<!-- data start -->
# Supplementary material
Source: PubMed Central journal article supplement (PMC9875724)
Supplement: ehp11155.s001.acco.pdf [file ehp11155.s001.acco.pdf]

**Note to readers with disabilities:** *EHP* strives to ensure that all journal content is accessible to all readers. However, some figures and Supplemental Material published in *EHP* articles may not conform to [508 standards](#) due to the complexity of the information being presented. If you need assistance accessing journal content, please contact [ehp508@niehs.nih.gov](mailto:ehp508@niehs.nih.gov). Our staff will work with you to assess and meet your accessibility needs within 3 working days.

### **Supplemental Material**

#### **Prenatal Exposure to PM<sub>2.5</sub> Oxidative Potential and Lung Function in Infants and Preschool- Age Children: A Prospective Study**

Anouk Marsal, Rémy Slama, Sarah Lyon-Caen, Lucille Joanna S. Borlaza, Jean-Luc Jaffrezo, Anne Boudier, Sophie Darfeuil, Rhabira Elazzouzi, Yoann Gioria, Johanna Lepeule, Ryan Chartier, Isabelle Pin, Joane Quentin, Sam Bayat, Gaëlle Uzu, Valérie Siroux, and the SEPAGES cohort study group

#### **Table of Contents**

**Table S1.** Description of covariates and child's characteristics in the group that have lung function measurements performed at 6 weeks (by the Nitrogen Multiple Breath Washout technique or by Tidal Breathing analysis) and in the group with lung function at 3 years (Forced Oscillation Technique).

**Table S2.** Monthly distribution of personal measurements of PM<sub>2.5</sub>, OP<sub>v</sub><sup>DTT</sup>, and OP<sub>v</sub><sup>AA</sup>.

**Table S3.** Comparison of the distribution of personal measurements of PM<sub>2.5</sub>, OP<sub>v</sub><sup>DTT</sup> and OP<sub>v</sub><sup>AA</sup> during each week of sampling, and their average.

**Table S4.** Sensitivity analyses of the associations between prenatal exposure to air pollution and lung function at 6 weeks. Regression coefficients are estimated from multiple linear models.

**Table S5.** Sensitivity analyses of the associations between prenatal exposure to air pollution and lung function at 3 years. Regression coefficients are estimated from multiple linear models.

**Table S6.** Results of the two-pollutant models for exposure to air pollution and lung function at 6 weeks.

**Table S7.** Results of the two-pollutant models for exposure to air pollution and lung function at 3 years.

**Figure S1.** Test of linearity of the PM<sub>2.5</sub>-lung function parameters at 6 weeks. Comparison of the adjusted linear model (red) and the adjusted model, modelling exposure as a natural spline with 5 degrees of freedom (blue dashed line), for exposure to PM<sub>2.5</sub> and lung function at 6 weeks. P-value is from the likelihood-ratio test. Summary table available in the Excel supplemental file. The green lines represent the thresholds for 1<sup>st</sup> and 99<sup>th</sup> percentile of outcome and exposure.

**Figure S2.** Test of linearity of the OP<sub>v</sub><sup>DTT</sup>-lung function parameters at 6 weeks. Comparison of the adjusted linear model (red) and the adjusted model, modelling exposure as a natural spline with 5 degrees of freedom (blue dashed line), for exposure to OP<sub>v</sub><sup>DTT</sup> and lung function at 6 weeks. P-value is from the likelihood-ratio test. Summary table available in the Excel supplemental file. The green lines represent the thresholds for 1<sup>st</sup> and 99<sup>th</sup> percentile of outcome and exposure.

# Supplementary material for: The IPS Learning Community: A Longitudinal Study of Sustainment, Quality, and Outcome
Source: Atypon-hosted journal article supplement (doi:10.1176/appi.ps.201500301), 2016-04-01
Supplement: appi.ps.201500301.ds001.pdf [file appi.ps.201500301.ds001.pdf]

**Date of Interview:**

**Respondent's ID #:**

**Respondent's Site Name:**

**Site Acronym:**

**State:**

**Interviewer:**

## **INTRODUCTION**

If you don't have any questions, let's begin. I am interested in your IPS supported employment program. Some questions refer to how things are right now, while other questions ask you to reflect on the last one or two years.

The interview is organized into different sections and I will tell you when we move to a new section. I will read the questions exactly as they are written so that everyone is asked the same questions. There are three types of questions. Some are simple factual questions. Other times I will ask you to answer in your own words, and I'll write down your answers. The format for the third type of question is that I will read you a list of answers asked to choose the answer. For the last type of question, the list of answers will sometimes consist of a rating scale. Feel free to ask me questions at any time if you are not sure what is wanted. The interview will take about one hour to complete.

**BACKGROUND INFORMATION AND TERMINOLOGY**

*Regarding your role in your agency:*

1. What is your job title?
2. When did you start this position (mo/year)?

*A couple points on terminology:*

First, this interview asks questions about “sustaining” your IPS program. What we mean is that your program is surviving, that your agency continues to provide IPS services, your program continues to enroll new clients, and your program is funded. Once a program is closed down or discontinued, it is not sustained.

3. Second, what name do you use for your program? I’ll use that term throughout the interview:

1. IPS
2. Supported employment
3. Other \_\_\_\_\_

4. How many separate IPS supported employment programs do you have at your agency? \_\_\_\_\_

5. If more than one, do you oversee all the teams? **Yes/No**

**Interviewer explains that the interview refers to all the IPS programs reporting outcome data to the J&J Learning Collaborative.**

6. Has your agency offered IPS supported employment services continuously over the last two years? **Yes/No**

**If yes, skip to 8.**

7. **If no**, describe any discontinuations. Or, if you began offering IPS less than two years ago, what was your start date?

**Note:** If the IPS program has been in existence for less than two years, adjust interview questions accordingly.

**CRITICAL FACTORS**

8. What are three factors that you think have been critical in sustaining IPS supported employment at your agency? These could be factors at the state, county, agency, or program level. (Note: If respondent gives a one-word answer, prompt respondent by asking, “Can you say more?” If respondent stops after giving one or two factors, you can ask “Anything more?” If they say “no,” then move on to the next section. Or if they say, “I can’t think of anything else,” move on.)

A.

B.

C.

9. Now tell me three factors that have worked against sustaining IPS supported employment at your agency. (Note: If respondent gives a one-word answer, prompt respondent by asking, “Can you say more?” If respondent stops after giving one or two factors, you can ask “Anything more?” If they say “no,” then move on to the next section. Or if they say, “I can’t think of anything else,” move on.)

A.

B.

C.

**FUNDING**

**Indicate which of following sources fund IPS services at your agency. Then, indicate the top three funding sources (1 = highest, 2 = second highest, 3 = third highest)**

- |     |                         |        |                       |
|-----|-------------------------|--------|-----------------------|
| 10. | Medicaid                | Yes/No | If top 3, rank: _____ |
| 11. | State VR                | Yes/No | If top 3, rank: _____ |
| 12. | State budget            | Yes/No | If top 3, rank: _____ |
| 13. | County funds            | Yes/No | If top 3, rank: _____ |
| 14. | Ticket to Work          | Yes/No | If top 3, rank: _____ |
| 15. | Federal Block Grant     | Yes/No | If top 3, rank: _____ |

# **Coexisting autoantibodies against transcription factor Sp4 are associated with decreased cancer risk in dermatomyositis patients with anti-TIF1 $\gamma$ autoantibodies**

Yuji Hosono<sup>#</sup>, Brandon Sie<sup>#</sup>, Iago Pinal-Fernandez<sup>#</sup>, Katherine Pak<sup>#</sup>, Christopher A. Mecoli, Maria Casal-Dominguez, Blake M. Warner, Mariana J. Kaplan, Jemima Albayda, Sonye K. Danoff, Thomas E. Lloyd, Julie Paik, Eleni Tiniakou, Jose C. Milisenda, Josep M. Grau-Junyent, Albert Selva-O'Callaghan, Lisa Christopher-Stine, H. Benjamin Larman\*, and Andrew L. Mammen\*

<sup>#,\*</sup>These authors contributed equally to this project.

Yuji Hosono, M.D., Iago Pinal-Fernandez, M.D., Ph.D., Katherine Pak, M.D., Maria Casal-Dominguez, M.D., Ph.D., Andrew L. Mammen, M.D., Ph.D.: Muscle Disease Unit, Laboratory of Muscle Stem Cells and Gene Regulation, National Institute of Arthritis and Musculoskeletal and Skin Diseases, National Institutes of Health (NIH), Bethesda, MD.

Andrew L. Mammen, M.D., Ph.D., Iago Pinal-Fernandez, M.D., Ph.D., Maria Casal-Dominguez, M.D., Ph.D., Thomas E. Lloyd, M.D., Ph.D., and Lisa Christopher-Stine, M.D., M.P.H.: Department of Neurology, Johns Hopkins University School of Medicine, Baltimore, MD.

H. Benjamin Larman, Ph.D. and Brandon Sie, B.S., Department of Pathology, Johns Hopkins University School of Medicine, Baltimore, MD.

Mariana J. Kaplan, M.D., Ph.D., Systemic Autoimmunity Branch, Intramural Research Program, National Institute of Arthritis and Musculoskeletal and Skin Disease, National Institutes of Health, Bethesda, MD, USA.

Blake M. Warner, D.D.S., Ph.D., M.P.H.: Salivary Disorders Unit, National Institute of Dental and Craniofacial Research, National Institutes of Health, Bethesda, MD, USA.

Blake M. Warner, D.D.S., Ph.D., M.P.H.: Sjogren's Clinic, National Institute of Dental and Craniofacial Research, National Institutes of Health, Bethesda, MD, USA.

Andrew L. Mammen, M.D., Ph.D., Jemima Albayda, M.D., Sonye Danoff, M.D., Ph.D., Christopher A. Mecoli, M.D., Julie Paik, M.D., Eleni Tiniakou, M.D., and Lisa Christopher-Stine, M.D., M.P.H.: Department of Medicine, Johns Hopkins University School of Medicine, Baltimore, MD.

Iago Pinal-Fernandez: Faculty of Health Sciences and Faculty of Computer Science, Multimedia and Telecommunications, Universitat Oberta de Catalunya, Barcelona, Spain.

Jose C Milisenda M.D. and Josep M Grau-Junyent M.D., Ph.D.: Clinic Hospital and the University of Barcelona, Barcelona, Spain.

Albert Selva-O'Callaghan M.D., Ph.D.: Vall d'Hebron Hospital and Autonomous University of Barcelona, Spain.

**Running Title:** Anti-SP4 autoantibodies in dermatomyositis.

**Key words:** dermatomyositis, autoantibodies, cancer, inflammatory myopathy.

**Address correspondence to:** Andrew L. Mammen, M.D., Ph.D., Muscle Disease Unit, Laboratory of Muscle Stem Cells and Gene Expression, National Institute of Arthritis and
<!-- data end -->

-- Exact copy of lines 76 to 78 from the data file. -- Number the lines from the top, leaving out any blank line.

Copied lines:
Iago Pinal-Fernandez: Faculty of Health Sciences and Faculty of Computer Science, Multimedia and Telecommunications, Universitat Oberta de Catalunya, Barcelona, Spain.

Jose C Milisenda M.D. and Josep M Grau-Junyent M.D., Ph.D.: Clinic Hospital and the University of Barcelona, Barcelona, Spain.

Albert Selva-O'Callaghan M.D., Ph.D.: Vall d'Hebron Hospital and Autonomous University of Barcelona, Spain.